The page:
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Packet satellite technology reference sources (RFC0829)

IP.com Disclosure Number: IPCOM000003877D
Original Publication Date: 1982-Nov-01
Included in the Prior Art Database: 2000-Sep-13
Document File: 4 page(s) / 10K

Publishing Venue

Internet Society Requests For Comment (RFCs)

Related People

V.G. Cerf: AUTHOR

Abstract

This paper describes briefly the packet satellite technology developed by the Defense Advanced Research Projects Agency and several other participating organizations in the U.K. and Norway and provides a biblography of relevant papers for researchers interested in experimental and operational experience with this dynamic satellite-sharing technique.

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Network Working Group V. Cerf

Request for Comments: 829 DARPA

November 1982

PACKET SATELLITE TECHNOLOGY REFERENCE SOURCES

Vinton G. Cerf

Defense Advanced Research Projects Agency

ABSTRACT

This paper describes briefly the packet satellite technology developed

by the Defense Advanced Research Projects Agency and several other

participating organizations in the U.K. and Norway and provides a

biblography of relevant papers for researchers interested in

experimental and operational experience with this dynamic

satellite-sharing technique.

INTRODUCTION

Packet Satellite technology was an outgrowth of early work in packet

switching on multiaccess radio channels carried out at the University of

Hawaii with the support of the Defense Advanced Research Projects Agency

(DARPA). The primary difference between the earlier packet-switched

ARPANET [1, 2] and the ALOHA system developed at the University of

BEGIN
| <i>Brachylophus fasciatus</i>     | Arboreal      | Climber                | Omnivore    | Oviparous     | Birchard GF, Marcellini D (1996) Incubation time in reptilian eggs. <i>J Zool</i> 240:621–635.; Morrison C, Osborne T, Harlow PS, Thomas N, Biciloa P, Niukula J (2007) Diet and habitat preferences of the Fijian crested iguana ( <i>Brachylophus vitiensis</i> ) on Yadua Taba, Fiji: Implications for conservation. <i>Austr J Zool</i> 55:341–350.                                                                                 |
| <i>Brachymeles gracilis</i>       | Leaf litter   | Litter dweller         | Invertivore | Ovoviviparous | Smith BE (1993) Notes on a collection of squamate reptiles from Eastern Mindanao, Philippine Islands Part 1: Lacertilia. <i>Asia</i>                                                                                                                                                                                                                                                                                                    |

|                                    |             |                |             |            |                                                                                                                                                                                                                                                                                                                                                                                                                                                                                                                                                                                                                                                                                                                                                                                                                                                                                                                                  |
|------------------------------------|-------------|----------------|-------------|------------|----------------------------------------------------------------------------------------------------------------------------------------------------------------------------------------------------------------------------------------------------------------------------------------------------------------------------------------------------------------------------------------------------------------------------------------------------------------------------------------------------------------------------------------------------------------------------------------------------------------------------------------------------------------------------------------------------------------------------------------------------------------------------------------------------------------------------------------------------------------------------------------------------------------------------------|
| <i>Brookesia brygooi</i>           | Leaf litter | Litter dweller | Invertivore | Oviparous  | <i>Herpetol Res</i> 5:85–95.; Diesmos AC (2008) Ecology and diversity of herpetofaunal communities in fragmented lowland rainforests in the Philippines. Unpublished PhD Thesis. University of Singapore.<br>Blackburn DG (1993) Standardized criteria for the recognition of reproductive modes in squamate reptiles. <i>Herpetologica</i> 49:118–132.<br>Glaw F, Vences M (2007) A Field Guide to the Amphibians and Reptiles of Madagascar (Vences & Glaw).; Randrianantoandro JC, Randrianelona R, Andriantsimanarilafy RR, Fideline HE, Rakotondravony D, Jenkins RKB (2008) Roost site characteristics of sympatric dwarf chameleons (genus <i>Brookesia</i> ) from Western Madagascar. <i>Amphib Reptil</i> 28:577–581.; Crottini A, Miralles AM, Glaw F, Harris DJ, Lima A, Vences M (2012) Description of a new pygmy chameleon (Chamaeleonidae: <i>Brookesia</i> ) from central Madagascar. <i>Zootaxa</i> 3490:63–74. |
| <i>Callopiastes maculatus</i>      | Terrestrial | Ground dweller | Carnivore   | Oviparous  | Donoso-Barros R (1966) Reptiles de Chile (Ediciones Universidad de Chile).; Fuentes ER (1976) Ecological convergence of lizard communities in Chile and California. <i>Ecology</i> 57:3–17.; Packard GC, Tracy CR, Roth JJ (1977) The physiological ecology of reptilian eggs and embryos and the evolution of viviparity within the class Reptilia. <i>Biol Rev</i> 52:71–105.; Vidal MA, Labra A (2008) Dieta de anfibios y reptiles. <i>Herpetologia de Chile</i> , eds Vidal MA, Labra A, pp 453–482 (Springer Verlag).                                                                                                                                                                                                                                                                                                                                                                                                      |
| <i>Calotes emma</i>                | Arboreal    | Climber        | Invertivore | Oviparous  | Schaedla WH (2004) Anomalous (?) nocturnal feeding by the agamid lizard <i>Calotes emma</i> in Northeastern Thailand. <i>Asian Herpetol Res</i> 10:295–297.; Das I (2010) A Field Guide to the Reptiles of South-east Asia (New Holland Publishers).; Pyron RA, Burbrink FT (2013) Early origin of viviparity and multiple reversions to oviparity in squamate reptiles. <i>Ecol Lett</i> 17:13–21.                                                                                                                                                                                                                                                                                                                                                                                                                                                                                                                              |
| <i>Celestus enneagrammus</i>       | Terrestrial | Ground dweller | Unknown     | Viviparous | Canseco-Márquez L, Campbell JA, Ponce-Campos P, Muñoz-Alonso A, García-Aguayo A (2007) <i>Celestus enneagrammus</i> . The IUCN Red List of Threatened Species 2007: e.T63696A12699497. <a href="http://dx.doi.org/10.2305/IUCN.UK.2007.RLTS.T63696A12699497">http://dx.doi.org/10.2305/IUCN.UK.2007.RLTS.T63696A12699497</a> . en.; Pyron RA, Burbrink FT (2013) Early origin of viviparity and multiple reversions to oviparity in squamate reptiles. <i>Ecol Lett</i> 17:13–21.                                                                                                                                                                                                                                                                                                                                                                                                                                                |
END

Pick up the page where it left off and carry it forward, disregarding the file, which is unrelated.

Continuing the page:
Hawaii [3] was the concept of multiple transmitters dynamically sharing

a common and directly-accessible radio channel. In the ARPANET, sources

of traffic inserted packets of data into the network through packet

switches called Interface Message Processors (IMPs). The IMPs used high

speed point-to-point full-duplex telephone circuits [4] on a

store-and-forward basis. All packet traffic for a given telephone

circuit was queued, if necessary, in the IMP and transmitted as soon as

the packet reached the head of the queue. On such full duplex circuits

there is exactly one transmitter and one receiver in each direction.

The ALOHA system, on the other hand, assigned a common transmit channel

frequency to ALL radio terminals. A computer at the University of

Hawaii received packet bursts from the remote terminals which shared the

"multi-access" channel. Under the control of a small processor, each

terminal would transmit whenever it had traffic, and would await an

acknowledgement, on another frequency, dedicated to the service host. If

no acknowledgement was received, the terminal processor would transmit

again at a randomly chosen time. The system operated on the assumption

that no store-and-forward or radio relay was needed. The University of

Hawaii researchers later demonstrated that the ALOHA concept worked on a

satellite channel linking Hawaii and Nasa-Ames via NASA's ATS-1

satellite [5, 6]. A variety of more elaborate satellite channel

assignment strategies were developed and analyzed in the early 1970's

[7-13, 31].

RFC 829 ...